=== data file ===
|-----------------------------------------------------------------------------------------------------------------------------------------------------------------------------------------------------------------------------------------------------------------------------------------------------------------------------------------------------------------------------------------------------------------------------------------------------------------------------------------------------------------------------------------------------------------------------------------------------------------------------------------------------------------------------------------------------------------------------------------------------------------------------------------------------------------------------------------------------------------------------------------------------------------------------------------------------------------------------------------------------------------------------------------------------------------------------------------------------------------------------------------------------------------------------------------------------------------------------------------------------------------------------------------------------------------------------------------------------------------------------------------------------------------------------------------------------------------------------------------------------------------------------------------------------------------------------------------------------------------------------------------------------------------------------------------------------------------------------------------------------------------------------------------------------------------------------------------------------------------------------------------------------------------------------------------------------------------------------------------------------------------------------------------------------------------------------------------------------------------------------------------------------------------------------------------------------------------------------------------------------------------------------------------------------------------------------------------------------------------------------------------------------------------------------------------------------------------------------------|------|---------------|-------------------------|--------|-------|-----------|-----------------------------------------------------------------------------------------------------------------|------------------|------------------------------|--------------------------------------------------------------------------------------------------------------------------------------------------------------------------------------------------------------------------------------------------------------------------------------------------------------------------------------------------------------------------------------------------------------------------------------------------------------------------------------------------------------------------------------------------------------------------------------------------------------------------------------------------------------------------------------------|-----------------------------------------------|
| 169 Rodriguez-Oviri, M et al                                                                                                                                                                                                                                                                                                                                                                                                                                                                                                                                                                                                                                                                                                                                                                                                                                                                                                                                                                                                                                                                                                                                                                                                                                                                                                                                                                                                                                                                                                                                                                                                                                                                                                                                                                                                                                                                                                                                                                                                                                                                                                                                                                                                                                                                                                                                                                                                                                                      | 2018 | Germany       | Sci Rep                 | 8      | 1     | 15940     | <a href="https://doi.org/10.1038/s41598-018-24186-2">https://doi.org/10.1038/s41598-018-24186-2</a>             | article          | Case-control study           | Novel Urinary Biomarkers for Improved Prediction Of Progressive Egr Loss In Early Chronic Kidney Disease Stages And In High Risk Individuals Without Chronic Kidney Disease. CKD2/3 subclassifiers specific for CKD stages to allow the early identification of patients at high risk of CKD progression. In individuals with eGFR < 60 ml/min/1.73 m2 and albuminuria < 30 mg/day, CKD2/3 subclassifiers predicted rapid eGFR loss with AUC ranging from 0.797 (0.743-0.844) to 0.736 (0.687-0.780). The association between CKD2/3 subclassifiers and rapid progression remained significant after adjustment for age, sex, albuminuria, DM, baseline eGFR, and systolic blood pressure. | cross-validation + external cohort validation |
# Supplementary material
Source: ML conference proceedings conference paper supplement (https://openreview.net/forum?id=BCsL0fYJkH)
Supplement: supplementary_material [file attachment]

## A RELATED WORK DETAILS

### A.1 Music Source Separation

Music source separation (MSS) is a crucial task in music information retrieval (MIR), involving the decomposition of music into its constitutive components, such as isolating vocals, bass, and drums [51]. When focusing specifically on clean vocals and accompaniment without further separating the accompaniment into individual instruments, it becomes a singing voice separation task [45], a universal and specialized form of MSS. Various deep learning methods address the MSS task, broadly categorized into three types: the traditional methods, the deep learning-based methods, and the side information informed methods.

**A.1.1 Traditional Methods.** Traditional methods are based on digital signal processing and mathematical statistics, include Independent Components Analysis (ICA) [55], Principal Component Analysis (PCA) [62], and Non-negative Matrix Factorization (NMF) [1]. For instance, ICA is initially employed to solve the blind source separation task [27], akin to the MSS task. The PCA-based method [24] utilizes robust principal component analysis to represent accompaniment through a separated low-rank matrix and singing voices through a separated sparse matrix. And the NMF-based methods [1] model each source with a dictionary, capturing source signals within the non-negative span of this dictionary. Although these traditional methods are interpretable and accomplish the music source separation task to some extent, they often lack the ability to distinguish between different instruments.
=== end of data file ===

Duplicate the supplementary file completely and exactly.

|-----------------------------------------------------------------------------------------------------------------------------------------------------------------------------------------------------------------------------------------------------------------------------------------------------------------------------------------------------------------------------------------------------------------------------------------------------------------------------------------------------------------------------------------------------------------------------------------------------------------------------------------------------------------------------------------------------------------------------------------------------------------------------------------------------------------------------------------------------------------------------------------------------------------------------------------------------------------------------------------------------------------------------------------------------------------------------------------------------------------------------------------------------------------------------------------------------------------------------------------------------------------------------------------------------------------------------------------------------------------------------------------------------------------------------------------------------------------------------------------------------------------------------------------------------------------------------------------------------------------------------------------------------------------------------------------------------------------------------------------------------------------------------------------------------------------------------------------------------------------------------------------------------------------------------------------------------------------------------------------------------------------------------------------------------------------------------------------------------------------------------------------------------------------------------------------------------------------------------------------------------------------------------------------------------------------------------------------------------------------------------------------------------------------------------------------------------------------------------------|------|---------------|-------------------------|--------|-------|-----------|-----------------------------------------------------------------------------------------------------------------|------------------|------------------------------|--------------------------------------------------------------------------------------------------------------------------------------------------------------------------------------------------------------------------------------------------------------------------------------------------------------------------------------------------------------------------------------------------------------------------------------------------------------------------------------------------------------------------------------------------------------------------------------------------------------------------------------------------------------------------------------------|-----------------------------------------------|
| 169 Rodriguez-Oviri, M et al                                                                                                                                                                                                                                                                                                                                                                                                                                                                                                                                                                                                                                                                                                                                                                                                                                                                                                                                                                                                                                                                                                                                                                                                                                                                                                                                                                                                                                                                                                                                                                                                                                                                                                                                                                                                                                                                                                                                                                                                                                                                                                                                                                                                                                                                                                                                                                                                                                                      | 2018 | Germany       | Sci Rep                 | 8      | 1     | 15940     | <a href="https://doi.org/10.1038/s41598-018-24186-2">https://doi.org/10.1038/s41598-018-24186-2</a>             | article          | Case-control study           | Novel Urinary Biomarkers for Improved Prediction Of Progressive Egr Loss In Early Chronic Kidney Disease Stages And In High Risk Individuals Without Chronic Kidney Disease. CKD2/3 subclassifiers specific for CKD stages to allow the early identification of patients at high risk of CKD progression. In individuals with eGFR < 60 ml/min/1.73 m2 and albuminuria < 30 mg/day, CKD2/3 subclassifiers predicted rapid eGFR loss with AUC ranging from 0.797 (0.743-0.844) to 0.736 (0.687-0.780). The association between CKD2/3 subclassifiers and rapid progression remained significant after adjustment for age, sex, albuminuria, DM, baseline eGFR, and systolic blood pressure. | cross-validation + external cohort validation |
# Supplementary material
Source: ML conference proceedings conference paper supplement (https://openreview.net/forum?id=BCsL0fYJkH)
Supplement: supplementary_material [file attachment]

## A RELATED WORK DETAILS

### A.1 Music Source Separation

Music source separation (MSS) is a crucial task in music information retrieval (MIR), involving the decomposition of music into its constitutive components, such as isolating vocals, bass, and drums [51]. When focusing specifically on clean vocals and accompaniment without further separating the accompaniment into individual instruments, it becomes a singing voice separation task [45], a universal and specialized form of MSS. Various deep learning methods address the MSS task, broadly categorized into three types: the traditional methods, the deep learning-based methods, and the side information informed methods.

**A.1.1 Traditional Methods.** Traditional methods are based on digital signal processing and mathematical statistics, include Independent Components Analysis (ICA) [55], Principal Component Analysis (PCA) [62], and Non-negative Matrix Factorization (NMF) [1]. For instance, ICA is initially employed to solve the blind source separation task [27], akin to the MSS task. The PCA-based method [24] utilizes robust principal component analysis to represent accompaniment through a separated low-rank matrix and singing voices through a separated sparse matrix. And the NMF-based methods [1] model each source with a dictionary, capturing source signals within the non-negative span of this dictionary. Although these traditional methods are interpretable and accomplish the music source separation task to some extent, they often lack the ability to distinguish between different instruments.